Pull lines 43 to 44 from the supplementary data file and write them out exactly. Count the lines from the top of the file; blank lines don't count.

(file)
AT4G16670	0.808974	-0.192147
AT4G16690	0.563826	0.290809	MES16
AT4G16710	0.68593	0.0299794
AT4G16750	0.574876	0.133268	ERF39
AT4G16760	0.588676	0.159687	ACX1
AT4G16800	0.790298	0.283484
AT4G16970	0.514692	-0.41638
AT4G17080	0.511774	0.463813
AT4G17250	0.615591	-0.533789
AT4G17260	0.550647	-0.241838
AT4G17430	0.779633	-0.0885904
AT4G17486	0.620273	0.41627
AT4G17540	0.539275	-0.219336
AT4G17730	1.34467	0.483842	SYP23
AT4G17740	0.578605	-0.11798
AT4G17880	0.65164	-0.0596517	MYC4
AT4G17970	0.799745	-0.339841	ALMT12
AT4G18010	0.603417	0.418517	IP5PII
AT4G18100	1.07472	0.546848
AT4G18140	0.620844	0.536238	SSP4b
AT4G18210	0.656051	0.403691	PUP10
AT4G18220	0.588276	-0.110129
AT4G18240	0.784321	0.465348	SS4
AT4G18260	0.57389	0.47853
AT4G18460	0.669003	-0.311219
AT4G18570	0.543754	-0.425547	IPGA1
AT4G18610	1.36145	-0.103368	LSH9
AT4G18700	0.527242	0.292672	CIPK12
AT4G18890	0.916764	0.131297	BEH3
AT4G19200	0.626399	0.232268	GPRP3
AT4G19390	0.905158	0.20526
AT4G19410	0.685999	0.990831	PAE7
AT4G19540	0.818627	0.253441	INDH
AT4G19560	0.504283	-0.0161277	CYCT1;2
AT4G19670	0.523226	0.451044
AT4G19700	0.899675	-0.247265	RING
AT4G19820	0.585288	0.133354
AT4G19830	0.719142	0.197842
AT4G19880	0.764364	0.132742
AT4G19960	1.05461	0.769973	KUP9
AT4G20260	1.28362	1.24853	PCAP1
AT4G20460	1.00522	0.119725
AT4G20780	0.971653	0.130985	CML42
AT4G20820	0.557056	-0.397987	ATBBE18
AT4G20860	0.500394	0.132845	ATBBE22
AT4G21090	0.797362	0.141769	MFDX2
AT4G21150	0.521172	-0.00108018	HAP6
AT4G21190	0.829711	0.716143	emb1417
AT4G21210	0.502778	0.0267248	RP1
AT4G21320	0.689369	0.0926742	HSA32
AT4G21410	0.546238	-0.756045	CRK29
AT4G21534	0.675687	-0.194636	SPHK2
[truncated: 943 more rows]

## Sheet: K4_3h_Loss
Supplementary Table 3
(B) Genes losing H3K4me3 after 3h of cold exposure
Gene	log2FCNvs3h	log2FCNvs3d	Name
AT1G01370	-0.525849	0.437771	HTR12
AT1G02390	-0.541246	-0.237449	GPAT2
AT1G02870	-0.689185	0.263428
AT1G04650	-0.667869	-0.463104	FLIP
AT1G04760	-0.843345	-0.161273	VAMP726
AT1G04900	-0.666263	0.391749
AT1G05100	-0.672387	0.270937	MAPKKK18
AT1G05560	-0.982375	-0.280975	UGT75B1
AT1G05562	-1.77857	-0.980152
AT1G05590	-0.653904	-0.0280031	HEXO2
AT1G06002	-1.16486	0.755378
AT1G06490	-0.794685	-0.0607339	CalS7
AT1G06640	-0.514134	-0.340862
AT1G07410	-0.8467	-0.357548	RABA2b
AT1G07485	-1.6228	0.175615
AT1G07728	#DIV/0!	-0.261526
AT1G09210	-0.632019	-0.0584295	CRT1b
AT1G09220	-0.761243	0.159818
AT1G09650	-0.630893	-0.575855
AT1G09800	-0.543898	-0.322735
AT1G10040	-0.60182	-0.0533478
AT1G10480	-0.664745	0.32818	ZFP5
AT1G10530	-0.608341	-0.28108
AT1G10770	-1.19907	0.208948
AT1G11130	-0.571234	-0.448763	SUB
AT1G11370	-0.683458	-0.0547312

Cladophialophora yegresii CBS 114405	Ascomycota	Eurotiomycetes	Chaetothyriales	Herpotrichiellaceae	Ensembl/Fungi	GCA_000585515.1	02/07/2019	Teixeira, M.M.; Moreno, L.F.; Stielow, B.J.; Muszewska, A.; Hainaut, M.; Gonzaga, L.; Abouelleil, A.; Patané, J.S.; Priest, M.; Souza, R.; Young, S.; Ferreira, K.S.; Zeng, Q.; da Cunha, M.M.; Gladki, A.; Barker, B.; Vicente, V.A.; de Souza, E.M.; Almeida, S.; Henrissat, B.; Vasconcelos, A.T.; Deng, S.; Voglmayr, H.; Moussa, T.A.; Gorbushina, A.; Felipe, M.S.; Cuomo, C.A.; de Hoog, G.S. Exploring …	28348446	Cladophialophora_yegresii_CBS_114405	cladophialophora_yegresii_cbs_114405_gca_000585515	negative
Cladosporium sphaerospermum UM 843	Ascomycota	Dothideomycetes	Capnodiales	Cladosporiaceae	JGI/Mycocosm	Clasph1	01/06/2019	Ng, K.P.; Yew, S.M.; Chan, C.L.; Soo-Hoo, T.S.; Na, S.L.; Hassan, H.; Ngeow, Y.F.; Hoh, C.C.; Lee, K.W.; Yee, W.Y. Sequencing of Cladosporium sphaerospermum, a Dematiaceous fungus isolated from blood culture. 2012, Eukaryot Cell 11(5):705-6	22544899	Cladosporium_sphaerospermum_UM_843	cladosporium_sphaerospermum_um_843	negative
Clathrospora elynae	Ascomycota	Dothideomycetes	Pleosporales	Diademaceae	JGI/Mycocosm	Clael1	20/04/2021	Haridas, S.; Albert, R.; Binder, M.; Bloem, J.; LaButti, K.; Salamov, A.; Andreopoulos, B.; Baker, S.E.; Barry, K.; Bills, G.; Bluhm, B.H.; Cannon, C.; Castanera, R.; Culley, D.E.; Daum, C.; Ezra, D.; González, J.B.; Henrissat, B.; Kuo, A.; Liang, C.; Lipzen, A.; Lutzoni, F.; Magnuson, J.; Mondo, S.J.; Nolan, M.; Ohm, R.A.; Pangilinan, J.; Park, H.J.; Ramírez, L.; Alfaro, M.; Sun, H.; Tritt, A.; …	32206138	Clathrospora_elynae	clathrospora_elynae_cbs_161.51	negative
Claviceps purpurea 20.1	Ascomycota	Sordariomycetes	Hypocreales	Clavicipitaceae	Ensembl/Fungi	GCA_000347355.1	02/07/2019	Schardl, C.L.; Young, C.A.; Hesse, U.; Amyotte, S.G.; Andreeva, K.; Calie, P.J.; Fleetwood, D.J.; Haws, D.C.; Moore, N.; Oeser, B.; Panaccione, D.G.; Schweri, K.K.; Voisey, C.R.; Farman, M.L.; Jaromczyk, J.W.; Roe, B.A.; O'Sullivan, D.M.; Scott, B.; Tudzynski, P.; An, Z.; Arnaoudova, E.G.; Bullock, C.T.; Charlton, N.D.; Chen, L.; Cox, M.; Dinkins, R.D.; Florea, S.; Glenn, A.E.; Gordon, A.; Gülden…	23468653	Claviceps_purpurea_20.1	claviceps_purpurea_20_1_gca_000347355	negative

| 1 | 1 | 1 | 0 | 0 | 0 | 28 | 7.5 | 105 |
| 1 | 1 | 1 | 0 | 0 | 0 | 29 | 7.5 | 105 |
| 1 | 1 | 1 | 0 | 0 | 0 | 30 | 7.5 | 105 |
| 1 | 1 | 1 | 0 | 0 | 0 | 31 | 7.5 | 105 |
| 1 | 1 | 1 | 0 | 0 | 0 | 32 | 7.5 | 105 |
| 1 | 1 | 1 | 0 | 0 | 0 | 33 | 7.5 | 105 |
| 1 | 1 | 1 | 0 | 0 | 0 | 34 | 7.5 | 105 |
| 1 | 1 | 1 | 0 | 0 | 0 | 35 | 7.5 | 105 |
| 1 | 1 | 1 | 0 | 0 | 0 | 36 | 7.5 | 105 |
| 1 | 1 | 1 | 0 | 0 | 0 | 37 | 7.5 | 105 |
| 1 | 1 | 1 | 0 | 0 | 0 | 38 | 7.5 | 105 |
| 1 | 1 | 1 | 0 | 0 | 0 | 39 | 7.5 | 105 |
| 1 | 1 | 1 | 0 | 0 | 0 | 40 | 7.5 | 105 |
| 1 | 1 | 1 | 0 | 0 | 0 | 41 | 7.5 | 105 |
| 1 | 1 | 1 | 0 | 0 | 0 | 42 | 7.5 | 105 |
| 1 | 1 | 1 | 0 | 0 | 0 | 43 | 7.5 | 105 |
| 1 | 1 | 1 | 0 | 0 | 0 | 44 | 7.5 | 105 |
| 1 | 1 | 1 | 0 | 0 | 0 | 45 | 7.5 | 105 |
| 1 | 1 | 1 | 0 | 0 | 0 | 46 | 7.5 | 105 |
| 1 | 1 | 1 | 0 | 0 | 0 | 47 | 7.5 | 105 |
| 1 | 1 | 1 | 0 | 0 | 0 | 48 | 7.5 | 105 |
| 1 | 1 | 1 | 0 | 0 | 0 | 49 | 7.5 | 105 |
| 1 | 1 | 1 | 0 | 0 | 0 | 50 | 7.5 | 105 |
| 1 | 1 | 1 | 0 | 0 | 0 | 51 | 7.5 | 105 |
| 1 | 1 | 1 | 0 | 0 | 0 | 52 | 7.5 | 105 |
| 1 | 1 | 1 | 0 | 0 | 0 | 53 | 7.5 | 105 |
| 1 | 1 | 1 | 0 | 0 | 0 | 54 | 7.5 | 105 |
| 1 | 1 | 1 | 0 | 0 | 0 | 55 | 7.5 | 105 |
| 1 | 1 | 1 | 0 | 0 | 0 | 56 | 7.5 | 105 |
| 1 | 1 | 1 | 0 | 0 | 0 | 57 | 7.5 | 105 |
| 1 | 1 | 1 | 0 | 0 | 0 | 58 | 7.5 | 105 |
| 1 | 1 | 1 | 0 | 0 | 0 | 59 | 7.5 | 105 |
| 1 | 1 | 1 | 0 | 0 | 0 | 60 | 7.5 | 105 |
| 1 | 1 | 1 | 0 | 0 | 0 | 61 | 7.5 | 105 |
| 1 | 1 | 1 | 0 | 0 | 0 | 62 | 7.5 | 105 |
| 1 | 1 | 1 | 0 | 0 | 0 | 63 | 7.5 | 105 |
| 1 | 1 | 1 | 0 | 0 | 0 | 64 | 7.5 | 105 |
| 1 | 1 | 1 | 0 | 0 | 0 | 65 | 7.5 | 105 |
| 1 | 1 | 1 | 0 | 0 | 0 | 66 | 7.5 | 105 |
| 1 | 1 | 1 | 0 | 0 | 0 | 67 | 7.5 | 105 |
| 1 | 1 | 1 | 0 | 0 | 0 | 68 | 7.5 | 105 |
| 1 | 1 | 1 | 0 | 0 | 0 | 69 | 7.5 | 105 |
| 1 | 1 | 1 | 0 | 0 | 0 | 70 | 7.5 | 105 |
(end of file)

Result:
AT4G20780	0.971653	0.130985	CML42
AT4G20820	0.557056	-0.397987	ATBBE18